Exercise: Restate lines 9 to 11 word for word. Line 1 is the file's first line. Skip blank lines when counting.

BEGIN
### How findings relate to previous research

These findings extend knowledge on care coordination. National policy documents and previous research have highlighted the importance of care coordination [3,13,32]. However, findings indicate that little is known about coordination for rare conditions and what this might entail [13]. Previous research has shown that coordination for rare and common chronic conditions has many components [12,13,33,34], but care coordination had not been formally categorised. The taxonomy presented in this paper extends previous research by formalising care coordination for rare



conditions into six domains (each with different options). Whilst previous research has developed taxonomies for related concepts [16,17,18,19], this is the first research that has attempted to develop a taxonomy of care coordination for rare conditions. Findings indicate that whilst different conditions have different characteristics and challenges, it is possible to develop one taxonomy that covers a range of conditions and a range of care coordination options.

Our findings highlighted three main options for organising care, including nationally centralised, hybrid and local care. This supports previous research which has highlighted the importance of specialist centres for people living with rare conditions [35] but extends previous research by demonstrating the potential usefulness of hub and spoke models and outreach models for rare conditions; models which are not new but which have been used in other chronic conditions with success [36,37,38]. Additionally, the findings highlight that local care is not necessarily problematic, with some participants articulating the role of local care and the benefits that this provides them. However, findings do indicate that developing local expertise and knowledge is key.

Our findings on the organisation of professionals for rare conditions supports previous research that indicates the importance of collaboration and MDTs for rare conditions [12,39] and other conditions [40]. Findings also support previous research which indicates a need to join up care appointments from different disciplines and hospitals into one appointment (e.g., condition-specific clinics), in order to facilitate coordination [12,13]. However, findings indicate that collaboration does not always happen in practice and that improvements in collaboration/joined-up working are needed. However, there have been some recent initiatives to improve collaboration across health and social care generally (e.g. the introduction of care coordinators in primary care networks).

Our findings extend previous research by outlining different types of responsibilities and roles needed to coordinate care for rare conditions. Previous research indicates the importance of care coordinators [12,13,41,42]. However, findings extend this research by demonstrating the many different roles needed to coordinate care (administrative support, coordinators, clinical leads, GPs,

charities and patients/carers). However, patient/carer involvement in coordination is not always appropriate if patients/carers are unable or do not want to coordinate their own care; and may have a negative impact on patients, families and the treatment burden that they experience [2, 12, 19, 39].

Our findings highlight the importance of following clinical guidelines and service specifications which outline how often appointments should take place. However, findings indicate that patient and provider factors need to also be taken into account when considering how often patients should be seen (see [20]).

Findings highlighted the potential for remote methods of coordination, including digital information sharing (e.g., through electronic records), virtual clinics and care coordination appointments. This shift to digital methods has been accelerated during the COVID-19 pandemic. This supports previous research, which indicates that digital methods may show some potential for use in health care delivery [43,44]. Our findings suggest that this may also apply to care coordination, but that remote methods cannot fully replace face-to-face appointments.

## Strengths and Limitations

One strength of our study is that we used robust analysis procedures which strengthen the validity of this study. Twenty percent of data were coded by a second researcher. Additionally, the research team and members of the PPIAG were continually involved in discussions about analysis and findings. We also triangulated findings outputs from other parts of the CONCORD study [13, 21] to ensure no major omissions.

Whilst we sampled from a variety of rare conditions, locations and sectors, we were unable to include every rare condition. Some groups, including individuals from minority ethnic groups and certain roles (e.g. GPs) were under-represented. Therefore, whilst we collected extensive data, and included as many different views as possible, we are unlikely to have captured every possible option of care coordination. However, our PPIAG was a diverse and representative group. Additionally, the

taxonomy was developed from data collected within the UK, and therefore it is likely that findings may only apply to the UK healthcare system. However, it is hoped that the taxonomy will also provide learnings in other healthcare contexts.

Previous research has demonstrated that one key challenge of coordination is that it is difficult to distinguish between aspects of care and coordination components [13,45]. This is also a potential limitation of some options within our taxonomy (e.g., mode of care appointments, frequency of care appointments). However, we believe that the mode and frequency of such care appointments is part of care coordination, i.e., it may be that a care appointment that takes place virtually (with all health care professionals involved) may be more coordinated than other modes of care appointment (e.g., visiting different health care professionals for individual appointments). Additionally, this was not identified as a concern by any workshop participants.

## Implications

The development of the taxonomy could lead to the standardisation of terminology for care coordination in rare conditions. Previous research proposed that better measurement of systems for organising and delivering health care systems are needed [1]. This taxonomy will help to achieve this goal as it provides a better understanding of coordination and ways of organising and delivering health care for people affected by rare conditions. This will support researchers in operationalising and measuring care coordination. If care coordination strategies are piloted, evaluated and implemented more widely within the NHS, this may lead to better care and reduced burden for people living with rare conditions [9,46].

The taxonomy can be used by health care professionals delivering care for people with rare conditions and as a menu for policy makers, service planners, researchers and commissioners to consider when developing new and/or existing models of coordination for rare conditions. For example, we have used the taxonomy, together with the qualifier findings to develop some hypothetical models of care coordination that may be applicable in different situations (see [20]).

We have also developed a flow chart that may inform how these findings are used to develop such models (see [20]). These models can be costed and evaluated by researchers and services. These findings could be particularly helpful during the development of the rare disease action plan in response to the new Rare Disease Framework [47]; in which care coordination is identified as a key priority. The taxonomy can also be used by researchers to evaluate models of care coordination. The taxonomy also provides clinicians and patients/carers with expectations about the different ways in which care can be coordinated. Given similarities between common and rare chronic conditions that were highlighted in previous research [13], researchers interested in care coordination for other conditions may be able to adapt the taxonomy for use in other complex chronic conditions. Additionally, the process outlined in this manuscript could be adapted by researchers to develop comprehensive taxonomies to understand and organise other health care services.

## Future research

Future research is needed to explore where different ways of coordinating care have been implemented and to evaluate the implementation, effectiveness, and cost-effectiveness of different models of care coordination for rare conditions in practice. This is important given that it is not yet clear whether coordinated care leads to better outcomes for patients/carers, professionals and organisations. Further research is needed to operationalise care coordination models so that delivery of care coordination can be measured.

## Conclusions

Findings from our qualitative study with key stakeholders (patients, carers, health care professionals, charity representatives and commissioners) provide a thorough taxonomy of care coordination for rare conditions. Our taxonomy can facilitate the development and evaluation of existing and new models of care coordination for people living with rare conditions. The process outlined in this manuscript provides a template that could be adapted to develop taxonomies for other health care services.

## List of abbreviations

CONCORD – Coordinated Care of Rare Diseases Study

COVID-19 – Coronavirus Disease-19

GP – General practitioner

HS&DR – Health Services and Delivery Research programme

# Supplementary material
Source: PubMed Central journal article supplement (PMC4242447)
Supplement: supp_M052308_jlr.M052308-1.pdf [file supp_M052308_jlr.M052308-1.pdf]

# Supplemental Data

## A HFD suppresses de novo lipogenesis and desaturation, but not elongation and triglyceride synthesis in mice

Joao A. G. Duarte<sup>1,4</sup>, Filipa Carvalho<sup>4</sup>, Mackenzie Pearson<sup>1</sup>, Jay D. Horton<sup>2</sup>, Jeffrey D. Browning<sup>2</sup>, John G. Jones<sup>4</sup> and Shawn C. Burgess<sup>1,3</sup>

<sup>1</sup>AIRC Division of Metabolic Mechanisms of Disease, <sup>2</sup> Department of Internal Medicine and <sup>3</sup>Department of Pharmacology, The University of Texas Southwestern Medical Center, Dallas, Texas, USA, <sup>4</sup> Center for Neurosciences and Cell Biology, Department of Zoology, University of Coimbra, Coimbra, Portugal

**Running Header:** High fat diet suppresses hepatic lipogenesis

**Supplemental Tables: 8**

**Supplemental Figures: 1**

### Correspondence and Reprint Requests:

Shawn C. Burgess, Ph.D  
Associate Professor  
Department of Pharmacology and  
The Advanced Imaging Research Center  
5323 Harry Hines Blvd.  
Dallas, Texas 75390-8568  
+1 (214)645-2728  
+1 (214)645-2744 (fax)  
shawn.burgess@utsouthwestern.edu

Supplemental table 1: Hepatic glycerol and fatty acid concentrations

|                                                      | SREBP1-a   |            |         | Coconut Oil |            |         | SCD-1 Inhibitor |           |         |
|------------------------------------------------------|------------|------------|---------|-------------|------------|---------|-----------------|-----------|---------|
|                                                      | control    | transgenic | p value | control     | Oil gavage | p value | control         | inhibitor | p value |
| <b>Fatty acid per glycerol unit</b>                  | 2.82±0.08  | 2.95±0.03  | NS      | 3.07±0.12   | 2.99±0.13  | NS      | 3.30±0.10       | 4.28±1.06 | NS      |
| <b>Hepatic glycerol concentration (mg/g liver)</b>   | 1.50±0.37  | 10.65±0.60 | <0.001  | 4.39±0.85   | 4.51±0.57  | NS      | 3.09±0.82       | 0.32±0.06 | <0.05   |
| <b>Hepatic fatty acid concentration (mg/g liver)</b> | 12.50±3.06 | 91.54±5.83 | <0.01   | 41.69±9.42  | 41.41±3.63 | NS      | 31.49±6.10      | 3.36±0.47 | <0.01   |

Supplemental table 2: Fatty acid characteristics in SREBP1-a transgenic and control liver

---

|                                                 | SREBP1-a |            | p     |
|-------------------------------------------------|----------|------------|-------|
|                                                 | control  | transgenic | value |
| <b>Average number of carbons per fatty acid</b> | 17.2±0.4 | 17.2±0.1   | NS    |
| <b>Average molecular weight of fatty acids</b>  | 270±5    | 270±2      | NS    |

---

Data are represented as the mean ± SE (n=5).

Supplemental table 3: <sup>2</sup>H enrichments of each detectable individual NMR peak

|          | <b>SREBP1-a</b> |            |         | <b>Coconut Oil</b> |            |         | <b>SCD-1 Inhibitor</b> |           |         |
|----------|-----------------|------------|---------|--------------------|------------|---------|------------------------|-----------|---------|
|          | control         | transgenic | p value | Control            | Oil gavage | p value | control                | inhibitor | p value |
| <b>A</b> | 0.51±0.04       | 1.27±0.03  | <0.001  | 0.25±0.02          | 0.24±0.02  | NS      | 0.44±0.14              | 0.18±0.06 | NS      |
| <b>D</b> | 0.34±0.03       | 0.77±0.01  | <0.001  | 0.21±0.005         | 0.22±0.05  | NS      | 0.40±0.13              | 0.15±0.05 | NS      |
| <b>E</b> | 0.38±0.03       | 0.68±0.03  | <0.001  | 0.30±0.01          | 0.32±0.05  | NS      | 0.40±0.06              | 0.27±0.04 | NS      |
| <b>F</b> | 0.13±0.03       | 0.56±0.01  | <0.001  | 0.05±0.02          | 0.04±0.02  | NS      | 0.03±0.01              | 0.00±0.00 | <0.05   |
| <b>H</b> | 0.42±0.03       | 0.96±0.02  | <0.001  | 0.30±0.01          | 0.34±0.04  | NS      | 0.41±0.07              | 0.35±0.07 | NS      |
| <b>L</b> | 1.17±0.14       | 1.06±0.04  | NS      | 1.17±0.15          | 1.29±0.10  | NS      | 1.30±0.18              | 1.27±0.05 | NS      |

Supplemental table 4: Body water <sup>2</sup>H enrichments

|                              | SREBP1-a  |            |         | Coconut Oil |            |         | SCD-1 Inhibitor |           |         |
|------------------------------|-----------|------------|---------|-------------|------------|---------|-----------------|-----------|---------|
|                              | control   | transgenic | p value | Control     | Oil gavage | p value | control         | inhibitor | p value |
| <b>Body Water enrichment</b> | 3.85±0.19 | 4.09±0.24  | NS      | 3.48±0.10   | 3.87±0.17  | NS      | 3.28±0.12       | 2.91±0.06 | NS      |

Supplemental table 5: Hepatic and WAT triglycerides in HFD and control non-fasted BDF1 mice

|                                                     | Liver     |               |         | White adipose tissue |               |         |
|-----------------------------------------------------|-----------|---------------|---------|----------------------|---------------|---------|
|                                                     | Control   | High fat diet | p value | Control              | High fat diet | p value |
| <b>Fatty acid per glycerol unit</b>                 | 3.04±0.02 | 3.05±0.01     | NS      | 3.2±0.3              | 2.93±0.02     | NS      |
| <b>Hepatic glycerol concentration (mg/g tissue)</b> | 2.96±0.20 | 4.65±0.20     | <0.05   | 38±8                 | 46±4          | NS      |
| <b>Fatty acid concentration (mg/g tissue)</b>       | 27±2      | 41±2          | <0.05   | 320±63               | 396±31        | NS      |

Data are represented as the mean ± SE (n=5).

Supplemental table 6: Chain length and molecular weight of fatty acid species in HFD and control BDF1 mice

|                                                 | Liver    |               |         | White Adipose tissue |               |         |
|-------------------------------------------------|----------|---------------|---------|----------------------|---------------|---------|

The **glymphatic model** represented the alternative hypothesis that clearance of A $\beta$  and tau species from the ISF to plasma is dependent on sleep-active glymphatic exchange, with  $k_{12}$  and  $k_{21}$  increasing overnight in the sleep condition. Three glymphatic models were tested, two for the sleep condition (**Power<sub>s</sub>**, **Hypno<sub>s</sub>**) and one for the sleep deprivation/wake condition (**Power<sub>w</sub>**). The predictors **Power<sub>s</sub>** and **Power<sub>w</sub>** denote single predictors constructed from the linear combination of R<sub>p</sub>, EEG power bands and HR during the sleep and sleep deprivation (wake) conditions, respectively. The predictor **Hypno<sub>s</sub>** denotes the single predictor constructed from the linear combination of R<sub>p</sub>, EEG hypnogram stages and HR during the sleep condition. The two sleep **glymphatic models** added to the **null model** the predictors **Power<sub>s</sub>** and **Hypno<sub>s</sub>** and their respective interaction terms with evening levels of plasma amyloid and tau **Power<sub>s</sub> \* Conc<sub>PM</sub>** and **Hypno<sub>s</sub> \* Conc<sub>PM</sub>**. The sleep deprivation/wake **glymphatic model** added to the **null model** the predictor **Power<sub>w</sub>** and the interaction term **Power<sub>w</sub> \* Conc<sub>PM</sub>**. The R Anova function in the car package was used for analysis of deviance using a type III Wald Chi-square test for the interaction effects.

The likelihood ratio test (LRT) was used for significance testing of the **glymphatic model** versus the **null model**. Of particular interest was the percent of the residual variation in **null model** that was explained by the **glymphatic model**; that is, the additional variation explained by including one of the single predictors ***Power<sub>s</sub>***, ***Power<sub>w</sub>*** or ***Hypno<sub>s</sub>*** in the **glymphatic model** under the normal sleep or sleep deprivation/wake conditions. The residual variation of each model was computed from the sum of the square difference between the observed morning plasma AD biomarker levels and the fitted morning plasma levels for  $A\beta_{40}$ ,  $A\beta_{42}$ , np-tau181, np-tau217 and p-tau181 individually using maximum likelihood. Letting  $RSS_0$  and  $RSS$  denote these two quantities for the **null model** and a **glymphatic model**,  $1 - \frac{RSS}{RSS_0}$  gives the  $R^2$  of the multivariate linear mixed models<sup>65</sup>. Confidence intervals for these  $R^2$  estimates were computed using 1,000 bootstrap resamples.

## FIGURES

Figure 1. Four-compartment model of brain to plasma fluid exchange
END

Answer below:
Findings highlighted the potential for remote methods of coordination, including digital information sharing (e.g., through electronic records), virtual clinics and care coordination appointments. This shift to digital methods has been accelerated during the COVID-19 pandemic. This supports previous research, which indicates that digital methods may show some potential for use in health care delivery [43,44]. Our findings suggest that this may also apply to care coordination, but that remote methods cannot fully replace face-to-face appointments.

## Strengths and Limitations

One strength of our study is that we used robust analysis procedures which strengthen the validity of this study. Twenty percent of data were coded by a second researcher. Additionally, the research team and members of the PPIAG were continually involved in discussions about analysis and findings. We also triangulated findings outputs from other parts of the CONCORD study [13, 21] to ensure no major omissions.